The report misses an opportunity to provide an understanding of the gendered dimensions of the humanitarian situation, including with regard to refugees and internally displaced persons (IDPs), or on how gender-specific needs are being taken into account in the distribution of humanitarian aid. The report makes only one references to women, noting 23,000 women suffering from acute malnutrition were treated by the World Food Program.[5]At a minimum, the report should provide sex disaggregated data on refugees and IDPs as well as for all cited persons receiving food and health aid. In addition, the report should advocate for gender-sensitive provision of aid and the inclusion of civil society, including women’s organization, in the design, implementation, and monitoring of humanitarian assistance.

Human Rights (WPS / CAAC)

The report provides information on cases of rape registered during the reporting period and compares it to previous reporting periods, but does not disaggregate the gender of the survivors.[6] In addition, the report cites 283 cases of gender based violence in Bamako, Gao, Mopti, and Timbuktu, noting 272 of which involved women.[7] The reference to rape could easily be misinterpreted as a reference to women or gender, but as it's written, there is no language on the gender of those reporting the rapes. Sex-disaggregating this information could give greater insight into how different genders have been affected by SGBV, and whether the numbers have changed over time. The report misses an opportunity to provide any other detailed information on the violation of women's human rights.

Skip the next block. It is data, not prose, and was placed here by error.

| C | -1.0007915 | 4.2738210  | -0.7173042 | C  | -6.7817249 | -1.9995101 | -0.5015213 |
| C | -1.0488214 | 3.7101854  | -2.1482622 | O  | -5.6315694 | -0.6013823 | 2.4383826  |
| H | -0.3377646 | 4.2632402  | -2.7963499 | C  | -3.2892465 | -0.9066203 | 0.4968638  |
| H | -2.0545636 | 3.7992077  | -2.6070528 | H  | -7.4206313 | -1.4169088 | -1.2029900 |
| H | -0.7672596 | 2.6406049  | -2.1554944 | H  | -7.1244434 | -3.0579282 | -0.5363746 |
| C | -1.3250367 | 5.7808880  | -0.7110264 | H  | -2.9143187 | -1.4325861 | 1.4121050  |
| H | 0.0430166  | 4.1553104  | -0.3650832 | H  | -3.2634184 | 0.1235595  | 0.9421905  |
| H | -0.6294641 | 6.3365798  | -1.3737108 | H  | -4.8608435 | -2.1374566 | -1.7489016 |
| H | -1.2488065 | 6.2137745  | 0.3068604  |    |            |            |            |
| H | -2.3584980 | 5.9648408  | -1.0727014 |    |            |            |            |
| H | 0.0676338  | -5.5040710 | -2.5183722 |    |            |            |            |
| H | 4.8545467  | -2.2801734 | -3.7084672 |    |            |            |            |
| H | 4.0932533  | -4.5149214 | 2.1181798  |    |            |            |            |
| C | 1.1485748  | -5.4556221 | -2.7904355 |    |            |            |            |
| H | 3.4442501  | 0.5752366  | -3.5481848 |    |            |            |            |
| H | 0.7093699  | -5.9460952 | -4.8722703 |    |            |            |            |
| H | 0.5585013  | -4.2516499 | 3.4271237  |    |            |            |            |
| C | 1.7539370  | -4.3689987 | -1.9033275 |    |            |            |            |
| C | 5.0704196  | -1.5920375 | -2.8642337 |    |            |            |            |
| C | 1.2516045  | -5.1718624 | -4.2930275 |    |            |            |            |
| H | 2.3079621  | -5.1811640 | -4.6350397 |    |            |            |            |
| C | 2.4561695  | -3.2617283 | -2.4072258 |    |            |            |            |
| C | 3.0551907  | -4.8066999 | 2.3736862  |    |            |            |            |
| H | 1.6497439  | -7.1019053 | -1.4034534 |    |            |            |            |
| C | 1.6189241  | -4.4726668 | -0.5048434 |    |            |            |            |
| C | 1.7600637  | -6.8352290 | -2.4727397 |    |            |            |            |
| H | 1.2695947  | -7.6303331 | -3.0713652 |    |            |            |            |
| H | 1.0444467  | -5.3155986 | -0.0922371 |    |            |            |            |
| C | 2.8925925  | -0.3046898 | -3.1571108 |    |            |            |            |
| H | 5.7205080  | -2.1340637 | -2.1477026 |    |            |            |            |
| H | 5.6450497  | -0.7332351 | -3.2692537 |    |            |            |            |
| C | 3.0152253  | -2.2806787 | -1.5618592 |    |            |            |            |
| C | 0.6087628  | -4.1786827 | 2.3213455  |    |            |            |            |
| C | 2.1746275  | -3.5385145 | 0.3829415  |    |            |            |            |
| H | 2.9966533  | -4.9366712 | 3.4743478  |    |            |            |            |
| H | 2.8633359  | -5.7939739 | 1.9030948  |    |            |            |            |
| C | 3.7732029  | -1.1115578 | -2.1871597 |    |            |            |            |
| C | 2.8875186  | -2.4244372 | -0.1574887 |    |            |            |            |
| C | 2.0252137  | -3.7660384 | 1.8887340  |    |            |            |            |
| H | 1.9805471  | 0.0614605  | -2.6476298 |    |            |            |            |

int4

Rule of Law/ Judicial Matters

The report misses an opportunity to provide any information on women in relation to the rule of law, including information on survivors of sexual and gender based violence access to judicial services.

Political Process and Electoral Assistance

In its discussion of the Malian political process, the report notes that MINUSMA also sponsored a nationwide campaign, which included women’s organizations, aimed at explaining the content of the peace agreement to the Malian people.[8]The report misses an opportunity to provide information on women’s meaningful participation in the implementation of the peace agreement[9] and the implementation of ceasefires.[10] In the Observation section, however, the Secretary-General strongly encourages all parties of the Malian political process to “provide space for civil society, particularly women… leaders.” Overall, the situation of women in the political sector is unknown from the report. The mandate enables MINUSMA to play a supporting role in promoting increased women’s political participation, and the involvement of women’s organizations as stakeholders and active participants.[11] The report misses an opportunity to provide information on these aspects of the mandate.